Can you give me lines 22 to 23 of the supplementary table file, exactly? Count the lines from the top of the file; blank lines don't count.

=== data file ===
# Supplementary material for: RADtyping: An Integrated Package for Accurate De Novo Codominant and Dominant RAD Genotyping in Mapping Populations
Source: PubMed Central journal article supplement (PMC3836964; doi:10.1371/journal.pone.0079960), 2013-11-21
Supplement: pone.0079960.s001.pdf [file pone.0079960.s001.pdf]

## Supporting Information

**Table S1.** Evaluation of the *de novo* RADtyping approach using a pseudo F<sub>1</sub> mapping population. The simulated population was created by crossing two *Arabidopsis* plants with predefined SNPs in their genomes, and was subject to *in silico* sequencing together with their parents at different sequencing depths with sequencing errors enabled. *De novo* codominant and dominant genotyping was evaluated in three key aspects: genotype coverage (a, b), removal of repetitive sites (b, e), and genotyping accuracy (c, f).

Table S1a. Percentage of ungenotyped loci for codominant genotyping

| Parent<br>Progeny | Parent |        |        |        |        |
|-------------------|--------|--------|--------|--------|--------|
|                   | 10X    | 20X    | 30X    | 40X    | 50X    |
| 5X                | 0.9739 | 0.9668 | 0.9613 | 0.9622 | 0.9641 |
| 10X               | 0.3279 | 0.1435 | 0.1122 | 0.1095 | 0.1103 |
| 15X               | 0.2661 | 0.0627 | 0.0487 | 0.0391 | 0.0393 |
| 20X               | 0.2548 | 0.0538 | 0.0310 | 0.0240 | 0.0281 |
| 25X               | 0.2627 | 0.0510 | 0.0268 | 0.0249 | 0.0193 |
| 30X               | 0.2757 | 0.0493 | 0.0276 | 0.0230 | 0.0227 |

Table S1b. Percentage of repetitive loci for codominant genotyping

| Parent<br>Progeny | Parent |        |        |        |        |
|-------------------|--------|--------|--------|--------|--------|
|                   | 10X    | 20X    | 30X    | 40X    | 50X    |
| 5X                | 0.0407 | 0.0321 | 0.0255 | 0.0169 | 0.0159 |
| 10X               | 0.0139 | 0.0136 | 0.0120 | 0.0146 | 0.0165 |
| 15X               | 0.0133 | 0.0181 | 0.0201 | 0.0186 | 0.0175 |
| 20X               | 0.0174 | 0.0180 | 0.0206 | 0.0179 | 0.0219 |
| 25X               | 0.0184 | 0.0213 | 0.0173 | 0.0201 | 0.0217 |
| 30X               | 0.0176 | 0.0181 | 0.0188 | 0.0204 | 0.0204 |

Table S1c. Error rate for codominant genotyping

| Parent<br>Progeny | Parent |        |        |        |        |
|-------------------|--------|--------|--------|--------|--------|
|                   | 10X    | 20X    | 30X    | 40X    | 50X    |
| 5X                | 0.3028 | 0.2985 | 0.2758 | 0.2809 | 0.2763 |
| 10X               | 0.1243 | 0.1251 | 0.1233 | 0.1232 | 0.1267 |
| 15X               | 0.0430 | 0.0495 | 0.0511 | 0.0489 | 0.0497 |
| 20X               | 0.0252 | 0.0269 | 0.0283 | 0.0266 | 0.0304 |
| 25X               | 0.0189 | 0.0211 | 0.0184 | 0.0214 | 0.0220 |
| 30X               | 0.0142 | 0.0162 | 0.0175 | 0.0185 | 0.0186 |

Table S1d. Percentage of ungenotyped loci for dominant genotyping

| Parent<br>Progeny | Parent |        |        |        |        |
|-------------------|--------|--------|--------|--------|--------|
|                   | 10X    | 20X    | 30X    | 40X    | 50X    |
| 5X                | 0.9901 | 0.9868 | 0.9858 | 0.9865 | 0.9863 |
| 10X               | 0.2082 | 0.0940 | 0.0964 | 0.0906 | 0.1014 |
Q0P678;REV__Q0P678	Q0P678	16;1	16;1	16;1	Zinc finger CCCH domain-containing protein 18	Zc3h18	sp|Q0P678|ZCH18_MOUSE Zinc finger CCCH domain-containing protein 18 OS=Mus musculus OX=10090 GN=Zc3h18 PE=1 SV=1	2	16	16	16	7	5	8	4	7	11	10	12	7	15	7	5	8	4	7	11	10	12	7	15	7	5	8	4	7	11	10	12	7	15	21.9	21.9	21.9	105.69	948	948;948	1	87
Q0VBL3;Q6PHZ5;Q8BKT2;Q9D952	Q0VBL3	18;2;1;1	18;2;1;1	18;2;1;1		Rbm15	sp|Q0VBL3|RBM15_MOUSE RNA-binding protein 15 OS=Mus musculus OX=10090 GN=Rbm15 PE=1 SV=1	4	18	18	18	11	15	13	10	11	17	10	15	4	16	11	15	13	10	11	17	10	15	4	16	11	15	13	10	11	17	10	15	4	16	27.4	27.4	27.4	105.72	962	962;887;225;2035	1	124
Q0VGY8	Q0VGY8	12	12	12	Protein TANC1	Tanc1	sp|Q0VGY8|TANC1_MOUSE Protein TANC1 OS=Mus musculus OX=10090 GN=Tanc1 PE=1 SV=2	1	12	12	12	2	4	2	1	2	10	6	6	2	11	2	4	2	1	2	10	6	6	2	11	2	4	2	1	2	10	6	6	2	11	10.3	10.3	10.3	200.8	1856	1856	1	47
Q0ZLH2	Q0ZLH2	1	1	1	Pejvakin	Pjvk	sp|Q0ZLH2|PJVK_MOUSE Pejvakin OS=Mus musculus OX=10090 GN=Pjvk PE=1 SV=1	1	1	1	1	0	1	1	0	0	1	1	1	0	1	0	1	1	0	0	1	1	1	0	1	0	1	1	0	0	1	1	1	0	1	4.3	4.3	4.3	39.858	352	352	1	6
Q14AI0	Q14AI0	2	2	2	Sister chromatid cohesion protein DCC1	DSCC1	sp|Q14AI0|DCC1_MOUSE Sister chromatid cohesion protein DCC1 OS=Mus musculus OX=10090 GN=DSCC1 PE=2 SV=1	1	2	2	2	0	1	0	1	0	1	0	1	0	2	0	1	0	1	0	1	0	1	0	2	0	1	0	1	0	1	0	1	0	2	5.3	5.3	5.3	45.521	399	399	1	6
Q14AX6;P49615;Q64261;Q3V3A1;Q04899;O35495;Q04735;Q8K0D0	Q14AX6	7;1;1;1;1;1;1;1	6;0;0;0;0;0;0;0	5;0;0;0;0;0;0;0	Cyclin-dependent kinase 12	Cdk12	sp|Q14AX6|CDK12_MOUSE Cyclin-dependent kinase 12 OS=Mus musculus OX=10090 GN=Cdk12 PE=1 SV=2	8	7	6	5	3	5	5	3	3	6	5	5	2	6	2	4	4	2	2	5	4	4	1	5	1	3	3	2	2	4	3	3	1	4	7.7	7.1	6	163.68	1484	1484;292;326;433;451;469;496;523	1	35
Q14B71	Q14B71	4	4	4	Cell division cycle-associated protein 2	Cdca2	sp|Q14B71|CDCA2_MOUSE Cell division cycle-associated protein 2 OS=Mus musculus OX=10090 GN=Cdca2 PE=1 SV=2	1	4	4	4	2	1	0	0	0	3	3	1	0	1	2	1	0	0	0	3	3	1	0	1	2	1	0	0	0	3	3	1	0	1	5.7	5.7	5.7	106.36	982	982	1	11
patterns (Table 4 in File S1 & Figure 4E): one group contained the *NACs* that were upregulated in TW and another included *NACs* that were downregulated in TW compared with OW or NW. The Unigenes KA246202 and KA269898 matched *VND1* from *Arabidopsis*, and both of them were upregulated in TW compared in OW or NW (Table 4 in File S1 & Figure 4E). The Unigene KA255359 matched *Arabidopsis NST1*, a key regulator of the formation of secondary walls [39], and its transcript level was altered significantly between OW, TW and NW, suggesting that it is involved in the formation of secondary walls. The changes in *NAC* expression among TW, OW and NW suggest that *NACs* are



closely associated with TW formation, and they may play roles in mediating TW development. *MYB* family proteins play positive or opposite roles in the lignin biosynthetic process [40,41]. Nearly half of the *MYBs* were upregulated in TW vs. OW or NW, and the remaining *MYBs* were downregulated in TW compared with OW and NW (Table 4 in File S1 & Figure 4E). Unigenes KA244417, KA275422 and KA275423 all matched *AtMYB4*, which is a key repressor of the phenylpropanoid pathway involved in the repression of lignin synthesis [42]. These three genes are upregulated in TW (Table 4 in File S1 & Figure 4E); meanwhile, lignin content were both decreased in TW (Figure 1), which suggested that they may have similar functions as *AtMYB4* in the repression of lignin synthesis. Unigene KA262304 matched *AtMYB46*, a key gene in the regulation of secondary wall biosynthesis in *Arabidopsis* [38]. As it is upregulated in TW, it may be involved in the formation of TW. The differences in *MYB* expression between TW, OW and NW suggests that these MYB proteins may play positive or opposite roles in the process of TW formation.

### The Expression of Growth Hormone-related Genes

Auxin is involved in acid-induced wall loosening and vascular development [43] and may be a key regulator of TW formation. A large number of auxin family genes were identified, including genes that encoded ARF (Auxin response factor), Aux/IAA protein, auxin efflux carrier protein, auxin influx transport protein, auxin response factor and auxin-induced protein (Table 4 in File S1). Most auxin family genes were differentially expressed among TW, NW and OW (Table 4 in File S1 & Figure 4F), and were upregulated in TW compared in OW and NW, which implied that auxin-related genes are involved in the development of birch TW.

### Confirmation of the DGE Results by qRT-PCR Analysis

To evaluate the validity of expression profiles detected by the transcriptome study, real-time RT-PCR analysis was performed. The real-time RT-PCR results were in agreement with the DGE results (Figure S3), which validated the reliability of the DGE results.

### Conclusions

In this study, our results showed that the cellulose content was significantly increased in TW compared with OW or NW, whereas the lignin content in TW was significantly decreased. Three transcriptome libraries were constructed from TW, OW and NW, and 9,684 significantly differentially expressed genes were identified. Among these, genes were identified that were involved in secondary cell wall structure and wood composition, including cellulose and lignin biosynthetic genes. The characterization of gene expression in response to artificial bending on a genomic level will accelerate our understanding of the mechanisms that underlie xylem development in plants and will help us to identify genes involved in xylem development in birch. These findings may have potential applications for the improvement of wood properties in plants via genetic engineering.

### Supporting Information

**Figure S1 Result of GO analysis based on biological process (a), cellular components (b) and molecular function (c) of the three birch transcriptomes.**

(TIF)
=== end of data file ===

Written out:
| 15X               | 0.0133 | 0.0181 | 0.0201 | 0.0186 | 0.0175 |
| 20X               | 0.0174 | 0.0180 | 0.0206 | 0.0179 | 0.0219 |